The Recession of Trust

Deepak Shenoy
·Atlas Invested

Trust me.

These two words run the world of money. Finance is a complicated beast, too difficult for most of us to fully understand. So when you invest, you trust the financial pundits or institutions around you, hoping that things will turn out well and that you will get your money back -- and then some.

But these days it seems that your trust may be misplaced.

Advisors offer you ULIPs, omitting the tiny point that 65% of your money might go straight into someone else's pockets. Real estate advertisements hard-sell homes for just 20 lakhs -- but the parking is extra, the paint is extra and the cement is not exactly included.

Buy a house, you might hear; why pay rent? Unless you consider that what you pay the bank as interest is just another form of rent, a much larger figure. The concept only makes mathematical sense if house prices only go up. And they only go up. Right?

It's fascinating how the wizards of the financial world can take something simple and make it utterly confusing and intimidating. Take a simple loan: it used to be "I'll give you money, you'll pay me back more money". Today there are processing fees, pre-closure charges and service taxes. Even the "more money", traditionally known as "interest", is now suitably prefixed with "flat-rate", "monthly-reducing", "floating rate". They'll even loan you money against deposits - the mouth-watering proposal of "Let me lend you your own money and charge you interest". And finally, what you pay back is now an "Equated Monthly Installment", a complicated mix of interest and principal, which has the magical effect that even after you make diligent payments for 10 years, you still owe the bank the same amount.

Stocks are rated based on price-to-book-value, sum-of-parts valuations or discounted cash flow. Markets are compared across ASEAN, BRIC and OECD, leaving us an acronymous lot, as Ramesh Srivats once remarked. Interest rates are going up so you should buy banking stocks and sell commodities. Unless the rates actually go up, in which case you should sell banks, and buy gold. Commodities will go up with bad monsoons mixed with apathetic agriculture ministers. Inflation hurts us, but the world is worried sick about deflation; should we be? India's debt is 75% of GDP, but that's so much better than the US which is nearly 100%, or Japan which is a staggering 200%; or is it?

They say we are an oil-dependent country with a massive oil bill; we use 2.67 million barrels per day of crude oil, of which we locally produce just 0.9 million. Yet, the latest CIA factbook says we're the world's fifth largest oil producer, ahead of Iran, Canada and the U.A.E. How? With the massive refining capacity India has, we produce refined products, like petrol and diesel, to the equivalent of 3.72 million barrels of crude per day, the fifth highest in the world. Refined products have greater margins than crude, so we end up making more money on what we export - about 700,000 barrels of crude equivalent every day. In about five years, we will export nearly as much petrol as we use locally. So we are an oil dependent country that actually exports petrol?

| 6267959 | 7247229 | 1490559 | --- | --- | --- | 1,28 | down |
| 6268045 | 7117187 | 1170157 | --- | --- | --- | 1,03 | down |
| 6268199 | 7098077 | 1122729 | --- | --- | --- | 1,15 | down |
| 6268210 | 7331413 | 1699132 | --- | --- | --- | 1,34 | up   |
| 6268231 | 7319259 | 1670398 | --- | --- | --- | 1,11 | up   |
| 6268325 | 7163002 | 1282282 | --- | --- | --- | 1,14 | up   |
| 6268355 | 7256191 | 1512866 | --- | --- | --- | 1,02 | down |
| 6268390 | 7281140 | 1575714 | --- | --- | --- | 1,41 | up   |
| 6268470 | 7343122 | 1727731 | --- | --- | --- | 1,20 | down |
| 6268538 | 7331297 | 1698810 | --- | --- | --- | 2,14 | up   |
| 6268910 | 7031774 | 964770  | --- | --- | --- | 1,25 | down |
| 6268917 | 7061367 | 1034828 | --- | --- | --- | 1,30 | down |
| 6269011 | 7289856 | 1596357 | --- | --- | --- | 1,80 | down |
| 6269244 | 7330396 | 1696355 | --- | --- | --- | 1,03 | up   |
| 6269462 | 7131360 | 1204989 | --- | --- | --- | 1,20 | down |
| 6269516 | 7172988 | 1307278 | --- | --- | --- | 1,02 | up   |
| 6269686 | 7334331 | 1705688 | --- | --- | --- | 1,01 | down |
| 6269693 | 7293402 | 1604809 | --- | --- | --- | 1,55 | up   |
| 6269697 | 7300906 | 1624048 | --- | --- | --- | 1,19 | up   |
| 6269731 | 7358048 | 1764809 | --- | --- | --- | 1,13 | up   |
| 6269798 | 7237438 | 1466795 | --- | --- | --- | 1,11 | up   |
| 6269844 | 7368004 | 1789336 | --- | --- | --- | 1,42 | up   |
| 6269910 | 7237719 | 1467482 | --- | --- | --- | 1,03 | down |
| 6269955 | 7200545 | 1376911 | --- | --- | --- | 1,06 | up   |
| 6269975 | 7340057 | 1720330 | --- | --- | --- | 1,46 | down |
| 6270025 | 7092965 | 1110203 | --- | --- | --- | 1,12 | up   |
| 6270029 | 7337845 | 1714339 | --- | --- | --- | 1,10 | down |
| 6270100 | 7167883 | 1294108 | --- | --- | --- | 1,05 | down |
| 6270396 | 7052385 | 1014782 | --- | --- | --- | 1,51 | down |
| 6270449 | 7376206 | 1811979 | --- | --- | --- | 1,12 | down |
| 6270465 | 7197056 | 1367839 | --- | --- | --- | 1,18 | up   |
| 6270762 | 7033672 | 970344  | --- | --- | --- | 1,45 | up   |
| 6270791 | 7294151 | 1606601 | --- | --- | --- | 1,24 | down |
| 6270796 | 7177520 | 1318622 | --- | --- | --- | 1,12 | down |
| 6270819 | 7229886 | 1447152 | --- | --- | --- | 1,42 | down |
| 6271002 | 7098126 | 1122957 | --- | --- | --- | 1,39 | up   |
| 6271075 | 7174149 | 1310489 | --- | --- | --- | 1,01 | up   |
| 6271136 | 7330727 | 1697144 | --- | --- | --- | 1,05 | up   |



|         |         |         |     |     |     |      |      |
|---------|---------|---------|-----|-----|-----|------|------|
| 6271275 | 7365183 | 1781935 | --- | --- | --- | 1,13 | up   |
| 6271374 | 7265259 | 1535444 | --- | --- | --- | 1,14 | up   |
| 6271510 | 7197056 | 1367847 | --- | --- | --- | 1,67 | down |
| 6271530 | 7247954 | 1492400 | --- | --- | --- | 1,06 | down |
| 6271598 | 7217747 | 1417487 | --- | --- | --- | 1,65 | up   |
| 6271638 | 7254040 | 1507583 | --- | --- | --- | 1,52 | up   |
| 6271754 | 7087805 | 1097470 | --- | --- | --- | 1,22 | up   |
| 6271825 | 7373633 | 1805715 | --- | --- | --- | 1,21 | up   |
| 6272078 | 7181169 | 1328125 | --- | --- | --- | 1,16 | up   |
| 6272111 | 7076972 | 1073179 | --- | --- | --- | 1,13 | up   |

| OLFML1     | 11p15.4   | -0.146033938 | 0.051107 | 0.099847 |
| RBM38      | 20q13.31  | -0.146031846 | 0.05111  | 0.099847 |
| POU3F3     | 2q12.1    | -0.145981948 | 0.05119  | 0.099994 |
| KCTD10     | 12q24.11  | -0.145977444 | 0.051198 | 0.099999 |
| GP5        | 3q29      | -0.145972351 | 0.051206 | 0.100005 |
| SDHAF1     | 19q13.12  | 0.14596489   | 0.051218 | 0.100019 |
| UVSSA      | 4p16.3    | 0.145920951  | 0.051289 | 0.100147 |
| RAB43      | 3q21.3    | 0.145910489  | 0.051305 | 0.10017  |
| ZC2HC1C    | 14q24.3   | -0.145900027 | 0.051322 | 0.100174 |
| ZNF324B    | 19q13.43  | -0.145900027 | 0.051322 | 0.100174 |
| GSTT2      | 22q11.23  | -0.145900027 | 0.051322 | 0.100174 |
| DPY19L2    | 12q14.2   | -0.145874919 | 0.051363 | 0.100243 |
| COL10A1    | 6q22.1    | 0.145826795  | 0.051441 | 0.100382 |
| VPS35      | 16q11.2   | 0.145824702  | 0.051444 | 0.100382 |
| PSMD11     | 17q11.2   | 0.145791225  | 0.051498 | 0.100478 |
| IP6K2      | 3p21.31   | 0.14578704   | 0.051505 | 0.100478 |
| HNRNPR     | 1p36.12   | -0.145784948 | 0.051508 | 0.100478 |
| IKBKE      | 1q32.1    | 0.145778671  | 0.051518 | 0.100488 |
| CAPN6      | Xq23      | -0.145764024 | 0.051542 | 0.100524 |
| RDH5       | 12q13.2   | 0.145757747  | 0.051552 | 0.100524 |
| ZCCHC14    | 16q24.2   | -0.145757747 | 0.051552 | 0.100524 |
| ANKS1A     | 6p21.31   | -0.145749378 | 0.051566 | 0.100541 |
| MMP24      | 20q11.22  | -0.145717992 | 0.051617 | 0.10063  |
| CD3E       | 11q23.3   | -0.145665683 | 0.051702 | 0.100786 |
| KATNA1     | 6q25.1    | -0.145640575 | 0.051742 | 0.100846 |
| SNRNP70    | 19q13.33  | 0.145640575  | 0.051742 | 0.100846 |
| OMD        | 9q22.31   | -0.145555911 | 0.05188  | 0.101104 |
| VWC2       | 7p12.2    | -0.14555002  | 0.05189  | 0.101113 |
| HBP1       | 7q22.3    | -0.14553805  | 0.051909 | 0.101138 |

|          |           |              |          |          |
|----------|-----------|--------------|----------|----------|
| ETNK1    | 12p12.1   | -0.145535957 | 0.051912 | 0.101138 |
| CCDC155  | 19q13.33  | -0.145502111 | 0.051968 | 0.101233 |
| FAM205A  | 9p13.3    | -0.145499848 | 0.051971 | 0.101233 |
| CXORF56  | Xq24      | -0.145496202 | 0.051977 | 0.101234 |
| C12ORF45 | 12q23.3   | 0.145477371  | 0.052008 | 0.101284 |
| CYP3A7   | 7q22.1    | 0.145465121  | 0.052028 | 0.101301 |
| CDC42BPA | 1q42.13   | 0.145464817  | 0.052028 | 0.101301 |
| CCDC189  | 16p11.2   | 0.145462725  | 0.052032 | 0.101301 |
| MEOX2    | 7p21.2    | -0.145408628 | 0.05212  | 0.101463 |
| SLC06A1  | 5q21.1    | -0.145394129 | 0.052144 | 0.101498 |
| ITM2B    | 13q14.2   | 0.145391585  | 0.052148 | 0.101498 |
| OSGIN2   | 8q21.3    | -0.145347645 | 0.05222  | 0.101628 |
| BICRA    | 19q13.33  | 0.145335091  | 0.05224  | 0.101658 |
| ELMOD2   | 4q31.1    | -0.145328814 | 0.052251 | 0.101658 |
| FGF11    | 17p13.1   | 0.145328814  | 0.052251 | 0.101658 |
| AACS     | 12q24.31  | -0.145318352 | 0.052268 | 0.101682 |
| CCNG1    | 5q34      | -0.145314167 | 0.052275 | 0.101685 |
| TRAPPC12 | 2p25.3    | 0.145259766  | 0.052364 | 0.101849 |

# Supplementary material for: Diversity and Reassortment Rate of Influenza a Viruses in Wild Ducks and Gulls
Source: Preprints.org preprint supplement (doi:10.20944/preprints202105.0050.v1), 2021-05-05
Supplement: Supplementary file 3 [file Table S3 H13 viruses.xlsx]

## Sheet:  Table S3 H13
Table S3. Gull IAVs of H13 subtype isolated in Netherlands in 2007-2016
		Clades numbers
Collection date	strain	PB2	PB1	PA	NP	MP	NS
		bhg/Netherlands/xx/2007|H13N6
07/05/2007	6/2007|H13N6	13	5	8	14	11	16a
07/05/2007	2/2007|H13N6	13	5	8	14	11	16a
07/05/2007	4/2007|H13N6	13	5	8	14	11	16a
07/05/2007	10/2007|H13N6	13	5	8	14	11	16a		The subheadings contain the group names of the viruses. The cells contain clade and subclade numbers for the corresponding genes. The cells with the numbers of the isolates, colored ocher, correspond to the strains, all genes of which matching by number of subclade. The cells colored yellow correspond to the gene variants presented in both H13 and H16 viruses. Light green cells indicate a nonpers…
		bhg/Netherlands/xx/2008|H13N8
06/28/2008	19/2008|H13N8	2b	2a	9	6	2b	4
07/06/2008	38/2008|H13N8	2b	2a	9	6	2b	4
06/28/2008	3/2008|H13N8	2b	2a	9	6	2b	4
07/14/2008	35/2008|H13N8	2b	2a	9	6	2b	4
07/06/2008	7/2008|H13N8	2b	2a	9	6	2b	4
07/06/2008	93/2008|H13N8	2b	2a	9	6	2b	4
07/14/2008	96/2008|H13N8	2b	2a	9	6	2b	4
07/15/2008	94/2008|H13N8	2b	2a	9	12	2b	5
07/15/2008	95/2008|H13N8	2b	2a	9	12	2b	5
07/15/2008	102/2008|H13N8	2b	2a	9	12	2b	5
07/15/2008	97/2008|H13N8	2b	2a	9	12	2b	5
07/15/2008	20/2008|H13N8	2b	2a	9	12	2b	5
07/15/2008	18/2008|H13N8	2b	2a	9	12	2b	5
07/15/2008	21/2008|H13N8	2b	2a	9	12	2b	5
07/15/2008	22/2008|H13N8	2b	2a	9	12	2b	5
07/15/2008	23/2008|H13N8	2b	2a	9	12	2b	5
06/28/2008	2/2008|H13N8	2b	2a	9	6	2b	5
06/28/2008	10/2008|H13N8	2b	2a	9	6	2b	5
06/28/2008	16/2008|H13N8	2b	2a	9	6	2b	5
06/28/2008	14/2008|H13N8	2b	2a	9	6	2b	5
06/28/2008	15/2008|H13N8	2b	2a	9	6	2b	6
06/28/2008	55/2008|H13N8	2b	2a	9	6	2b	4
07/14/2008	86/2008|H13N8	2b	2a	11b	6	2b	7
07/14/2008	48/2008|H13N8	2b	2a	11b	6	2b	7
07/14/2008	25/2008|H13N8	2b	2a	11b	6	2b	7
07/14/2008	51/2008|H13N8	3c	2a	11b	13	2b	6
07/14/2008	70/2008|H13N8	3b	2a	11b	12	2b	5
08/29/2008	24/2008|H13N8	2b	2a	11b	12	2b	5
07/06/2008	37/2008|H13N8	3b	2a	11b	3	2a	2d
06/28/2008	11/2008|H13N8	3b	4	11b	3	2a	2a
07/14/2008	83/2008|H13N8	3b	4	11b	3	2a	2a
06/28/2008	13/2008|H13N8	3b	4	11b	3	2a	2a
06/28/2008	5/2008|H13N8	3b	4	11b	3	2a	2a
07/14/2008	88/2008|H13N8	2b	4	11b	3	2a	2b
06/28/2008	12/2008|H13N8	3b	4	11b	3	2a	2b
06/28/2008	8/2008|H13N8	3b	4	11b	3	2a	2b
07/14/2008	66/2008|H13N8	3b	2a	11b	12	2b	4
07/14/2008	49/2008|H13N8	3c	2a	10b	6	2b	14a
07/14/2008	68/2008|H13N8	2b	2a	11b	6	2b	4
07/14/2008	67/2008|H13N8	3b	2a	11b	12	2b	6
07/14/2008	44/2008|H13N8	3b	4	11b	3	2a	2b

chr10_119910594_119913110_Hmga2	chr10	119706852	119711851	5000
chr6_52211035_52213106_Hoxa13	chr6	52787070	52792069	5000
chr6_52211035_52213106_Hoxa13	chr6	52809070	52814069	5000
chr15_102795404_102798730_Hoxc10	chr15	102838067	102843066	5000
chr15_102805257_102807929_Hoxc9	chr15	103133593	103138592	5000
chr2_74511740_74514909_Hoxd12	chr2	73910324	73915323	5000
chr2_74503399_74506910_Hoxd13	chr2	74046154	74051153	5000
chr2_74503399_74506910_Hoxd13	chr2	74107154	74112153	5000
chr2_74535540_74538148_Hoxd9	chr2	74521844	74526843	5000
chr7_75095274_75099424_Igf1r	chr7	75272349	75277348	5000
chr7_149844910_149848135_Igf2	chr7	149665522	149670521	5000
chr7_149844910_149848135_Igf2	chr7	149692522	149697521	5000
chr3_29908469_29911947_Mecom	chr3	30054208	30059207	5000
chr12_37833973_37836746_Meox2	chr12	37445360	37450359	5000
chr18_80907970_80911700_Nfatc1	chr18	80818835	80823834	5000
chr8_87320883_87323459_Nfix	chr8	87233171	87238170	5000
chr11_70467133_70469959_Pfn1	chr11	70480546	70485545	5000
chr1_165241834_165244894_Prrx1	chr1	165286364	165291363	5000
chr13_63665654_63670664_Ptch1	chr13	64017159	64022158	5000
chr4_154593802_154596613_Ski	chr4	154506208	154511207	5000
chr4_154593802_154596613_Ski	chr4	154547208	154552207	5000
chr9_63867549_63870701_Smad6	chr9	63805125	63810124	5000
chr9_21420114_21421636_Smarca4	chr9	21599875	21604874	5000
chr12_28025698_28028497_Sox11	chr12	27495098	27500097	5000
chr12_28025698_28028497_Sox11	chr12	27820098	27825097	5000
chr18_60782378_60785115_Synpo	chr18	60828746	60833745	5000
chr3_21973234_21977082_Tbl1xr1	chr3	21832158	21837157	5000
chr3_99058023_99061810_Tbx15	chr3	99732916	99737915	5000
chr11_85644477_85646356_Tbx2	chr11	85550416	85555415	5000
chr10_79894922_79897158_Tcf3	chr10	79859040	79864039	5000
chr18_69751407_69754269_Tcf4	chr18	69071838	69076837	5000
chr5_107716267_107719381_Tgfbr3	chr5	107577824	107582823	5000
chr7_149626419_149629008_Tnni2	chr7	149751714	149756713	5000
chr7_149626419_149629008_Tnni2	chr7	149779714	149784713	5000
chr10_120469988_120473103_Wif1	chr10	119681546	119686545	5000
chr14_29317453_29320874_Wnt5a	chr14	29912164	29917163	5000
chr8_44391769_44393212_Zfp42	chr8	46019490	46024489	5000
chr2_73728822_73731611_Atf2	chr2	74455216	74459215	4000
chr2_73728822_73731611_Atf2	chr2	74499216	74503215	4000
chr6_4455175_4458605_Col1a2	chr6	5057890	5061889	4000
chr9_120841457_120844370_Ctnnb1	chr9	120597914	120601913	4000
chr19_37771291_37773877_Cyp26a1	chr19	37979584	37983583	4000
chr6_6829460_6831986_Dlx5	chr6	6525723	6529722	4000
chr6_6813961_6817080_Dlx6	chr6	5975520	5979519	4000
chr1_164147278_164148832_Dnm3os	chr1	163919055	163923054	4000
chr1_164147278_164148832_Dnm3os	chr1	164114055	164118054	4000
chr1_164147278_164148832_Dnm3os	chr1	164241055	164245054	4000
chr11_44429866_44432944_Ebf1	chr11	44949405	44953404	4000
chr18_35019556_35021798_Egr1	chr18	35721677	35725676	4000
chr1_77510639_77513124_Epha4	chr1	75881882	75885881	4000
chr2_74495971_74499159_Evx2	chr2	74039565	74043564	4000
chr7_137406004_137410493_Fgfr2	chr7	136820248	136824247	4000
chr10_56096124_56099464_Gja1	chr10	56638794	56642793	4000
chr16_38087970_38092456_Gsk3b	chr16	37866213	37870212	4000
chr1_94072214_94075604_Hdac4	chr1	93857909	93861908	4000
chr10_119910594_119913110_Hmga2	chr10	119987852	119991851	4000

Financial news headlines are another source of awe and wonder. "Markets fall 80 points on interest rate hike", they might say, or "Markets gain 80 points on interest rate hike", sometimes both. There's always a reason for a fact, despite some of these movements being only noise; expected fluctuations that should surprise us as much as "Man puts left leg ahead of right while walking". But it's reflective of us as a society: we desire - no, demand - reasons. And in the process, overemphasize the obvious and underplay the benign. "Markets fall 80 points because they first fell 79 points" is a headline that will, among other things, cause advertisers to instantly withdraw their campaigns. Media incentives apart, it's really up to us to interpret these headlines appropriately.

There is a "huh" factor in everything financial. Shying away from it is ineffective, because our lives are intertwined with money more than ever before. We might have earlier trusted the industry to take care of our money; it no longer seems that's a given. That just means we have to figure things for ourselves. Like a jigsaw puzzle, once you get the key pieces in place, it's a lot more understandable.

That's what this column is about - demystifying the world of money, finance and economics, in an entertaining sort of way. Not about whether this product is good, or if that stock is worth investing in; that would defeat the purpose. It's about what they mean when they say Inflation, or Yield Curves, or Collateralized Debt Obligations That Impact Outer Space. Education, it is said, is all about learning to learn. And as we have noticed recently, just because it's Greek doesn't mean it can't affect us.

Trust me.

Deepak Shenoy trades the Indian markets and writes at Capital Mind. He's also working on an upcoming stock market site. You can reach him at or @deepakshenoy.